Regarding the Executive Director’s actions, Frank states:
"I believe Michael Bowers has done his best to preserve the integrity of the E.C. process. I also believe that, without staff monitoring of the E.C., this body will continue to violate AAMFT policies. Michael has always acted responsibly with the E.C. during my tenure with the Council, providing a necessary service to the Association. I am grateful for his institutional knowledge, his awareness of policy and bylaw limitations, and his passion for appropriate E.C. action. Finally, I have never witnessed Michael inappropriately influencing in the E.C. process over the past three years."
Frank’s perspective on Mike’s behavior is in fact supported by Geri herself, who, writing in November 2004 about the March meeting to the new EC chair, MaryAnna Ham, echoes Frank’s view that it was the failure of Elections Council members to follow EC rules that caused the difficulties that arose during that meeting.
“Nominees,” Geri writes, “were interviewed and seriously being considered on a slate, who did not posses[s] the requisite requirements according to our policies.” This again was after vetting had taken place. “The ED's role,” she goes on, “became atypical in that meeting because -- let me just state it the way I see it -- the process was like a runaway freight train that needed to be harnessed, or we would have had a lot of explaining to do the Board.”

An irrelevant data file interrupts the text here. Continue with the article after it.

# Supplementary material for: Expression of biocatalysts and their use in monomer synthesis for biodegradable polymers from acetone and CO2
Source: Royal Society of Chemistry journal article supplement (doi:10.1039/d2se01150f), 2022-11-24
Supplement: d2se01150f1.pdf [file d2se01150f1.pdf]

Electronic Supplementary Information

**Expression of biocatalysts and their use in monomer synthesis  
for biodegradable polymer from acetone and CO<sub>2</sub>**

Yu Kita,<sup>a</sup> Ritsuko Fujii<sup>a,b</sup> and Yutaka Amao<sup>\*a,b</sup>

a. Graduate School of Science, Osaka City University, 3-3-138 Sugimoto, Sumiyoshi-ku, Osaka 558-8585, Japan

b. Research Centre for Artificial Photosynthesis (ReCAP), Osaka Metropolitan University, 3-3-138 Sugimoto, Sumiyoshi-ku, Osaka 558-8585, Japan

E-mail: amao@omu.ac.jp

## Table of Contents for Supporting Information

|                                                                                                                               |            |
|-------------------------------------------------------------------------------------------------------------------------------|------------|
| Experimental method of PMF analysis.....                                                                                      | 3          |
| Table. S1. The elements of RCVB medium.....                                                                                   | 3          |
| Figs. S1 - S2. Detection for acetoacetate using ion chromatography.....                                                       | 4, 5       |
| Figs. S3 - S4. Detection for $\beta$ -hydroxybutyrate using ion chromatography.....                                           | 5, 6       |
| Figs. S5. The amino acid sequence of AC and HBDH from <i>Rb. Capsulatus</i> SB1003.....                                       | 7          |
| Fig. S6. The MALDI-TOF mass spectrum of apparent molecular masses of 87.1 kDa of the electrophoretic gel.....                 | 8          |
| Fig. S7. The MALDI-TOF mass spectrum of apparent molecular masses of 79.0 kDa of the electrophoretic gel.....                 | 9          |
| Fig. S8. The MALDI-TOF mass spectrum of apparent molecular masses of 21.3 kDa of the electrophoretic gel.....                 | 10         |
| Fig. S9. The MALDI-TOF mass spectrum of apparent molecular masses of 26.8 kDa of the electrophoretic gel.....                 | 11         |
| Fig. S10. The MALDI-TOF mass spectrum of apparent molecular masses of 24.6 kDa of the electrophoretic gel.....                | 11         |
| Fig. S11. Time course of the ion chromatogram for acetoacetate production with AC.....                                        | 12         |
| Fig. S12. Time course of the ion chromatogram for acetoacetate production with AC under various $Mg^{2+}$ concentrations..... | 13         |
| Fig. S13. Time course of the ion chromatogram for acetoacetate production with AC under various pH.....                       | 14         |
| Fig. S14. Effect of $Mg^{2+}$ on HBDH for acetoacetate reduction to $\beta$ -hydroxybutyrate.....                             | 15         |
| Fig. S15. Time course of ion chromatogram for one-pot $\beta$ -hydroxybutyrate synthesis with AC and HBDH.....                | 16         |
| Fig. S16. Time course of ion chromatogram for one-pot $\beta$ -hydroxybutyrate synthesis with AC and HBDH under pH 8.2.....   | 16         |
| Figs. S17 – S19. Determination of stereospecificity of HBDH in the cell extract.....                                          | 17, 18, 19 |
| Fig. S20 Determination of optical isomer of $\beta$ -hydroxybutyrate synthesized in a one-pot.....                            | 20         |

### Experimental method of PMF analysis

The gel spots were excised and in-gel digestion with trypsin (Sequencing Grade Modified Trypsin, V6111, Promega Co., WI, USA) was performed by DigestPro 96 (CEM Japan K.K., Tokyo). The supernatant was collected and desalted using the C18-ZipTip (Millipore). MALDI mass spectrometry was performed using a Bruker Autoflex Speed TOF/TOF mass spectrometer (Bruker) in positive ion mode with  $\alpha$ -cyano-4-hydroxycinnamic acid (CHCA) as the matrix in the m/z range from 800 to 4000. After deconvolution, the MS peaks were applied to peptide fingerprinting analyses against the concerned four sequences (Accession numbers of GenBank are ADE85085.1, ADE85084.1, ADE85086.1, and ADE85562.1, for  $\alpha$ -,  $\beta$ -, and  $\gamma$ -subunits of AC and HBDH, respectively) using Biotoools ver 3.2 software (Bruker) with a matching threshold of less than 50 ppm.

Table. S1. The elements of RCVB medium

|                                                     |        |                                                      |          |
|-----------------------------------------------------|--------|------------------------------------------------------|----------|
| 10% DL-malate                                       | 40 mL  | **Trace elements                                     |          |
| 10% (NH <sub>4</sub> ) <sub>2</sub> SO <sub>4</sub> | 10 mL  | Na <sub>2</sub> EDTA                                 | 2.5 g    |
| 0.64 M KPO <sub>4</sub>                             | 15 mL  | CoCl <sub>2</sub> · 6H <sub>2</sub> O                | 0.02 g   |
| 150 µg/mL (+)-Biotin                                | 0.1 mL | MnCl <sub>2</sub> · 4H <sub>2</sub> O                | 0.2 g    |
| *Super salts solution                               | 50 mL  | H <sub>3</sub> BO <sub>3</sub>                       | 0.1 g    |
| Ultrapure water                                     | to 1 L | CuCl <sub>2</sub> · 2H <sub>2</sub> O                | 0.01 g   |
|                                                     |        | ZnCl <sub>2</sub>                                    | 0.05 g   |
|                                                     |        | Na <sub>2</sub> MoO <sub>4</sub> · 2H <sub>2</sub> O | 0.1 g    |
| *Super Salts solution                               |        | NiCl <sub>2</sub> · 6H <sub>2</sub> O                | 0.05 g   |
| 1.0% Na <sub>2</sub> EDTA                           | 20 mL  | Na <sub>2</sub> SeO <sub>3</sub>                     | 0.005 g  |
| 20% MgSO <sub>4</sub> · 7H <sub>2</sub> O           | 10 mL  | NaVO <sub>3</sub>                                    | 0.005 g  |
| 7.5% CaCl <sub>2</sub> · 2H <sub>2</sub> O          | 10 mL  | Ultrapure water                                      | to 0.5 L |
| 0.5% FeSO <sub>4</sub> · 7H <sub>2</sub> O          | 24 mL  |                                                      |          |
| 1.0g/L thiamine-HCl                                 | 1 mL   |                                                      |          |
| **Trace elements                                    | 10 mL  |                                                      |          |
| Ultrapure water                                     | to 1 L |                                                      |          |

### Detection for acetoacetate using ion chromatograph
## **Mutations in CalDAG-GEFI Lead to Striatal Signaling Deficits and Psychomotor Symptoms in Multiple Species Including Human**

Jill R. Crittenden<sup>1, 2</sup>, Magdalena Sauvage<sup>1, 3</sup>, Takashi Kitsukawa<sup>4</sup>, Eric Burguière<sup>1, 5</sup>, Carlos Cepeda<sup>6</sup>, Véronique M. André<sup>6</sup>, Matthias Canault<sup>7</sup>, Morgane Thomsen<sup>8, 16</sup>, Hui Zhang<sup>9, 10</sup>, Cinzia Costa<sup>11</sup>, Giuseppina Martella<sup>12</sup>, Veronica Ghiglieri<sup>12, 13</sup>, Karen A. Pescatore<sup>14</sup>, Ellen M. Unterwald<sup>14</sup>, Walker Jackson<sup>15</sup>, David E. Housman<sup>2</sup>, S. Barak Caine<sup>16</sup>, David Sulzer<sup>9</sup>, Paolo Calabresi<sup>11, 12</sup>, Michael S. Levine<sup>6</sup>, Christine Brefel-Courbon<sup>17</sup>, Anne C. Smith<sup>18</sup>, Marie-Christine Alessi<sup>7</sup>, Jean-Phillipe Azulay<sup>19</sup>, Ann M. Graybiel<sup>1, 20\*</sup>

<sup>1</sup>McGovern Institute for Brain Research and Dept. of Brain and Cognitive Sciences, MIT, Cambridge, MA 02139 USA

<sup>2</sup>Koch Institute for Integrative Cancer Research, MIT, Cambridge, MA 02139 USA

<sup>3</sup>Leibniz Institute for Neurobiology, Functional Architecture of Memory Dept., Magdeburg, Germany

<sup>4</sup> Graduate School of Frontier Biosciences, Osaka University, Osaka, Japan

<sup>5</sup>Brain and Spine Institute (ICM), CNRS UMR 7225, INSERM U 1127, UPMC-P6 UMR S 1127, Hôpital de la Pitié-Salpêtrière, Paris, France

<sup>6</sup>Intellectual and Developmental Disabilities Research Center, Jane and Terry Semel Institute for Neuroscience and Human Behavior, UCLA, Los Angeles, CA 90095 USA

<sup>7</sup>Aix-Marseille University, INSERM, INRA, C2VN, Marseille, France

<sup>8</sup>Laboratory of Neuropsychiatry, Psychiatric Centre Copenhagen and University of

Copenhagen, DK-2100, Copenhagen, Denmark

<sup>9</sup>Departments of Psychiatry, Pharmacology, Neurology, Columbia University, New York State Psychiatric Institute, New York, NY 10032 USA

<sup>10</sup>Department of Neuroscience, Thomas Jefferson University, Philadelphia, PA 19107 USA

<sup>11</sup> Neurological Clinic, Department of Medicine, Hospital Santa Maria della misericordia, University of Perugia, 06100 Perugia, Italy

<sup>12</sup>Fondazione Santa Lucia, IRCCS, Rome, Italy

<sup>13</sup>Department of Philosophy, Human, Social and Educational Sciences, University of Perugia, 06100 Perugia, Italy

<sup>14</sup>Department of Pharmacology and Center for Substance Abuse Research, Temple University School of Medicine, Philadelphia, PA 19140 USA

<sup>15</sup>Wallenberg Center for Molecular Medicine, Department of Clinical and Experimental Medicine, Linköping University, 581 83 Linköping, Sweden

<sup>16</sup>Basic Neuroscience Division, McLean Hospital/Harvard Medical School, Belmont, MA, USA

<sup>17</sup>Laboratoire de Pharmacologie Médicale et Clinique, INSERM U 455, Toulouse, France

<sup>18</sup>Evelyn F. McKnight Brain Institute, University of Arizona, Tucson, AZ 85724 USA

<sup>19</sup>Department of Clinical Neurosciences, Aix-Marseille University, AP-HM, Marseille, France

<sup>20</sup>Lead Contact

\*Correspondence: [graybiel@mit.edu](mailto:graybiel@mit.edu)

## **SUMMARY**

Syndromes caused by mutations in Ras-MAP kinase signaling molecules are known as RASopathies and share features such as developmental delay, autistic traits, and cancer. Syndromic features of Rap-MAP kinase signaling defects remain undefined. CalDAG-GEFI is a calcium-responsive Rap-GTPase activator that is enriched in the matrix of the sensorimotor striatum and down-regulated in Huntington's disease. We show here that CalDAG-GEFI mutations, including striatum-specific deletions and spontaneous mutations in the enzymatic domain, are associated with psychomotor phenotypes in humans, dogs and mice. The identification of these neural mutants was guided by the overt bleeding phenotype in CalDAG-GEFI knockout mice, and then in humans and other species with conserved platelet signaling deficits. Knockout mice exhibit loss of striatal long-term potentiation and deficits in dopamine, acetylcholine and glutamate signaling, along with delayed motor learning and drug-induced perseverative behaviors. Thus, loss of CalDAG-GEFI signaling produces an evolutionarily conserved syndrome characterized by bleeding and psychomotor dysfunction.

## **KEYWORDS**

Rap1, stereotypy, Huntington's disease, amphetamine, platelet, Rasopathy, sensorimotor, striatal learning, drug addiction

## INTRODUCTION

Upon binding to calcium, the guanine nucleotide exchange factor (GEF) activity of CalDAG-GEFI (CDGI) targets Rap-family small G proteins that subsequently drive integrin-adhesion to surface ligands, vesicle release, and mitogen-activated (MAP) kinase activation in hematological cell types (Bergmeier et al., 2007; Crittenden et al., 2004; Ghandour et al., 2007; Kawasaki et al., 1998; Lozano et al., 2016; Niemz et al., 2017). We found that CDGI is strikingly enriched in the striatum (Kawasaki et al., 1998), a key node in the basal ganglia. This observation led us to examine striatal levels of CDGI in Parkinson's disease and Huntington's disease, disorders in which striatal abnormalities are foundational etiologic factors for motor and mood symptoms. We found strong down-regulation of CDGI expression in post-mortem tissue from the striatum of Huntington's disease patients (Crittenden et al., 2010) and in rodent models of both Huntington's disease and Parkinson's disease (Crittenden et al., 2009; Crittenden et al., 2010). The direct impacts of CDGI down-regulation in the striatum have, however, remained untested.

“However,” she writes further on, “I also feel strongly that what occurred is avoidable, if we follow our own policies and procedures, therefore not requiring an ED to step in and re-direct the process.” We would like to agree entirely with this sentiment, but repeated experience has shown that voluntary groups nearly always will require staff intervention to ensure that they follow due process and policy. (Which of us has not heard someone say during a job search “we only want a woman,” or “we don’t need more non-minorities?”) Without staff in the room to ensure that policies and laws are followed, any such process is unavoidably open to corruption.
The risks to our members of failing to ensure, from start to finish, the integrity of the elections process – ranging from a contested or invalidated election to a lawsuit for racial or other bias against the Association – are, in the judgment of every Board in recent years, much too great to hazard. And as we hope the record of the March 2004 meeting makes clear, such intervention is sometimes required after candidates’ qualifications have been reviewed, thus weighing heavily against your suggestion (which, for the record, Marcie Lasswell and Tony Jurich did endorse), that once the vetting process is over Councils should be allowed to deliberate without staff present. With the best of intentions, policies not infrequently are broken, even after vetting, which is why Boards have insisted that all parts of Elections Council meetings, from beginning to end, be staffed.